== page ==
This is an archived article that was published on sltrib.com in 2009, and information in the article may be outdated. It is provided only for personal research purposes and may not be reprinted.
After some years of discussion and delay, Senate Bill 81, the anti-illegal immigration law, was implemented four months ago.
One of the requirements of the law was that all government employers must use an employment verification program, such as E-Verify. This law was designed to assist in enforcing federal law against hiring "unauthorized" aliens. An additional requirement was that all businesses being awarded contracts by public entities must also verify legal employment -- proof of U.S. citizenship or a valid work visa.
An Oct. 29 report of E-Verify users, issued by the Department of Homeland Security, indicates that only four of 29 county governments have registered to use E-Verify. Further, only 30 percent of Utah school districts have signed up and the number of municipalities is minuscule. Utah currently has about 80,000 employers. The DHS report indicates that around 1800, or barely 2 percent, are now using the program. Even before the effective date of SB 81, about 900 companies were using the program.
While it is reassuring that more companies have decided to use the verification option, if government entities are not using E-Verify, it can be reasonably assumed that enforcement of awarding contracts to E-verify companies is also being ignored.
It is possible that some public entities may be using SAVE or other employment verification programs. SAVE was instituted in 1987 after the last amnesty to preclude another mass of illegal influx. It obviously had little effect. SAVE charges a fee for the information, whereas E-Verify has no user fees.
Why is verification important? Federal law specifically prohibits the hiring of unauthorized immigrants. The Utah Legislature passed the state law in an attempt to stem the ever-increasing costs of services provided to those ineligible to reside in this country that, in some cases, are required to be provided with services.
In particular, by law, all children residing in this country must be provided with a K-12 education paid for with taxpayer money. A 2007 Utah legislative audit reported the education costs for undocumented children at $85 million. That estimate was probably low and has undoubtedly risen. Many studies have reported other costs that can be attributed to unauthorized or illegal immigrants. Utah is one of the few states to offer in-state tuition rates to illegals, in violation of federal law.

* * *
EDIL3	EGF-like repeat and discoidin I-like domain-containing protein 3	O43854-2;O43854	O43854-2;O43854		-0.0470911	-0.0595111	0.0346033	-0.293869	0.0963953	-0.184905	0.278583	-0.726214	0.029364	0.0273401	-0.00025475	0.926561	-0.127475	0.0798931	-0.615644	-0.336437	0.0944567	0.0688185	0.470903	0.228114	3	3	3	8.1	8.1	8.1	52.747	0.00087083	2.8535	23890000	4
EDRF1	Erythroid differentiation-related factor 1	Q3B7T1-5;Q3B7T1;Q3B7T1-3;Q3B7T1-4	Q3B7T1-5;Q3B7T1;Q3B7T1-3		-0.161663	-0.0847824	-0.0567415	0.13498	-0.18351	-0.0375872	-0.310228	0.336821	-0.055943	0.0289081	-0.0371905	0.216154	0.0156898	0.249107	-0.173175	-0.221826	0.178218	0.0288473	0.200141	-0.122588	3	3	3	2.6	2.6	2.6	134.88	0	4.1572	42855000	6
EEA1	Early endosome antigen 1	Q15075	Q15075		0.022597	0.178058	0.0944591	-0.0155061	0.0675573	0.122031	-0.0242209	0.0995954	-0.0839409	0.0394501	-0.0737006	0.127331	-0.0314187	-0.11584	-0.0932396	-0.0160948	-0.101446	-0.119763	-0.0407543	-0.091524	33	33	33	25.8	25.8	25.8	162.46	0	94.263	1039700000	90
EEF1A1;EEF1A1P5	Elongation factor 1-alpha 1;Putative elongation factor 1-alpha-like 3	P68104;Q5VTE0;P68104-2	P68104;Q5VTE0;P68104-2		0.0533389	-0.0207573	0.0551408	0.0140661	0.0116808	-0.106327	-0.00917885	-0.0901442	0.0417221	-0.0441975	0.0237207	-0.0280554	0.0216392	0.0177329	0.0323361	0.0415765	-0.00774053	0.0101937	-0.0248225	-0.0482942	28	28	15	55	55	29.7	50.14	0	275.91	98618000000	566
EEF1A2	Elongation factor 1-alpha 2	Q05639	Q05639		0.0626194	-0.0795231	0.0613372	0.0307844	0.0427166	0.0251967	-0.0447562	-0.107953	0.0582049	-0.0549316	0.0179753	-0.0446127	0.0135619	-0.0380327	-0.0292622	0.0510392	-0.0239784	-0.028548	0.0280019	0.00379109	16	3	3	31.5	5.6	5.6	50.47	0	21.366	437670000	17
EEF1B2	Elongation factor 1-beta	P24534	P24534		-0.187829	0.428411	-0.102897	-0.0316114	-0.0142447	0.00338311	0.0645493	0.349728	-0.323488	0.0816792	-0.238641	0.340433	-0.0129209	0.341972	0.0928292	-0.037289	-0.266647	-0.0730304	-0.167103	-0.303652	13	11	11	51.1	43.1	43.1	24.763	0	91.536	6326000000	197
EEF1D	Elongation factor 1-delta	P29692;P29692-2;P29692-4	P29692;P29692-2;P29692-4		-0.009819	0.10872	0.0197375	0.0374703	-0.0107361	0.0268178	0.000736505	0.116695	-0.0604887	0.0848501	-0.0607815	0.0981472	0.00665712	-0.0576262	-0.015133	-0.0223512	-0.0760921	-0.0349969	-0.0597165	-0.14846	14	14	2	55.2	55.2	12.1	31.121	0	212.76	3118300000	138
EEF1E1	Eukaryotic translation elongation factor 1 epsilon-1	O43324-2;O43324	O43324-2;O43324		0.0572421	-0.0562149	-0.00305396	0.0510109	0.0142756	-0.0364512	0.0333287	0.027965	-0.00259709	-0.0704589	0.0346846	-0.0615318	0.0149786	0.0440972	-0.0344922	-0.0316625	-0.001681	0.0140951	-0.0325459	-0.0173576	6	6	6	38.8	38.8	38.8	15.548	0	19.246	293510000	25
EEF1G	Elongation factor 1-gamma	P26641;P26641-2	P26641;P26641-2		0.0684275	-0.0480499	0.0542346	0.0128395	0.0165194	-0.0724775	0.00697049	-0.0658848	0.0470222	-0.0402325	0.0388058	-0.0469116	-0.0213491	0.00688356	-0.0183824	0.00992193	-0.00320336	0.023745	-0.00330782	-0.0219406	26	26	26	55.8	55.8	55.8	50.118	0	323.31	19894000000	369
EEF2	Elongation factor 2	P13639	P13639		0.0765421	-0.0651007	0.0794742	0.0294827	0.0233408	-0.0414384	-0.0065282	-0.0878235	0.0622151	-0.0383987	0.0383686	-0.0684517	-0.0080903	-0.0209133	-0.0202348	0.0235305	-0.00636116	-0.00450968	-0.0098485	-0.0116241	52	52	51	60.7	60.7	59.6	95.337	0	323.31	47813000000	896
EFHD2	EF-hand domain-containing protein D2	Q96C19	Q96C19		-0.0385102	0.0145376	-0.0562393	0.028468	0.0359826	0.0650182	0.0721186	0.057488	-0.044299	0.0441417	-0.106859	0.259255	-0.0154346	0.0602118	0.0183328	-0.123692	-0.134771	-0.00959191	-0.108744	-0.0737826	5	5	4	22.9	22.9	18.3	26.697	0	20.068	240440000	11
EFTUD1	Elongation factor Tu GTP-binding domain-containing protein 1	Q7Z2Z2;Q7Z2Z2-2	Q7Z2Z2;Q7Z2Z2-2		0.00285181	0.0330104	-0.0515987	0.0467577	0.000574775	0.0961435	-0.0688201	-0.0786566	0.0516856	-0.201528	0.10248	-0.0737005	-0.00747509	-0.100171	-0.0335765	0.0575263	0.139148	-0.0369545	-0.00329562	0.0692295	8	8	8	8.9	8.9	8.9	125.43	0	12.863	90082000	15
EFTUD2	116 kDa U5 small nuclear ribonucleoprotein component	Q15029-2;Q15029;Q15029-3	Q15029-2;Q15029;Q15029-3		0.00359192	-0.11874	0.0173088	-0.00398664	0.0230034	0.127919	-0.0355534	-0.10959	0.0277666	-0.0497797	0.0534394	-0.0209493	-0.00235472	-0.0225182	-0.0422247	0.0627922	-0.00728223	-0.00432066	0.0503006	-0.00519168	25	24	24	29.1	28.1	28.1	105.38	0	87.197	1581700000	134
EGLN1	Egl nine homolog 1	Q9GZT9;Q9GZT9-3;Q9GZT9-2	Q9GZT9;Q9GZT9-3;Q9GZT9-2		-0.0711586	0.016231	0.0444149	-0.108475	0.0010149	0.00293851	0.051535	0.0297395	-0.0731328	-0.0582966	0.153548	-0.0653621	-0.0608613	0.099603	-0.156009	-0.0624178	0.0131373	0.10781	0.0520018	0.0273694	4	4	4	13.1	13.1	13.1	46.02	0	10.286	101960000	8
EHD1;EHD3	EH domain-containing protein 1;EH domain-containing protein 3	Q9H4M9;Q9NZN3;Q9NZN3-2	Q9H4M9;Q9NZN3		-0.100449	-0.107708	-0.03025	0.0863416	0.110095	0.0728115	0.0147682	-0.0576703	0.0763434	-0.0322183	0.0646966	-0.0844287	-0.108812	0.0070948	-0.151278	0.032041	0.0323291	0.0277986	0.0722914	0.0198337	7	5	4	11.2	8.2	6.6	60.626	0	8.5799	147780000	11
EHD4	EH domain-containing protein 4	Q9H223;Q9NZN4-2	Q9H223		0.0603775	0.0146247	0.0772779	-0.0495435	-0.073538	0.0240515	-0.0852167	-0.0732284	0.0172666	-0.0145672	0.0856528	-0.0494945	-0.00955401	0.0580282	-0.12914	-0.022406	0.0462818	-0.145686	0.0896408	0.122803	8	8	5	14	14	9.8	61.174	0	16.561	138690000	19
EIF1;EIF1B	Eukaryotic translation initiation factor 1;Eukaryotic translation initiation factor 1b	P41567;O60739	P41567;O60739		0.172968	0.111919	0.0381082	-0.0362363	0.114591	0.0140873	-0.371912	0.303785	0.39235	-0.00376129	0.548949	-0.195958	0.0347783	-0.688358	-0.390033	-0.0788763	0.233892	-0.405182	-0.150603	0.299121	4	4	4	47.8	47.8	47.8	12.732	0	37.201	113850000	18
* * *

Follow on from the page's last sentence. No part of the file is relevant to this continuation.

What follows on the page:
A similar California law was declared in violation of federal law and required California to refund the excess tuition paid by U.S. citizens. The issue is now before the California Supreme Court and if upheld will cost Utah millions of dollars in repayment of excess nonresident tuition to those U.S. citizens who attended Utah colleges.
E-Verification is a step in instituting the policy of "attrition through enforcement" in reducing the presence of unauthorized immigrants. Simple enforcement of current state and federal immigration laws will solve the supposed problem of having to round up all the illegals for deportation. Restricting employment, benefits and other enticements will facilitate the process of self-removal.
Without jobs and benefits, unauthorized immigrants will tend to return to their respective homelands. Self-deportation would allow them to retain the earnings they may have accumulated and to use the education, experience and learning they may have attained to, hopefully, correct the problems of those home countries.
Law enforcement, and government in general, should also be ensuring compliance with federal law against aiding, abetting and encouraging or inducing "an alien to come to, enter, or reside in the United States, knowing ... that such ... residence is or will be in violation of law." Many actions in Utah seem to clearly defy this law.
"Attrition through enforcement" could cause millions of jobs to become available to those now unemployed due to the current economic downturn, and allow eager and able U.S. teenagers to get jobs and learn to work.
Utahns for Immigration Reform and Enforcement calls on local government officials to comply with SB 81 and for citizens to encourage their local governments to do so. We also encourage law enforcement and attorneys to insist on such compliance and the Utah Legislature to audit SB 81 compliance.
Robert Wren is chairman of UFIRE, Utahns for Immigration Reform and Enforcement.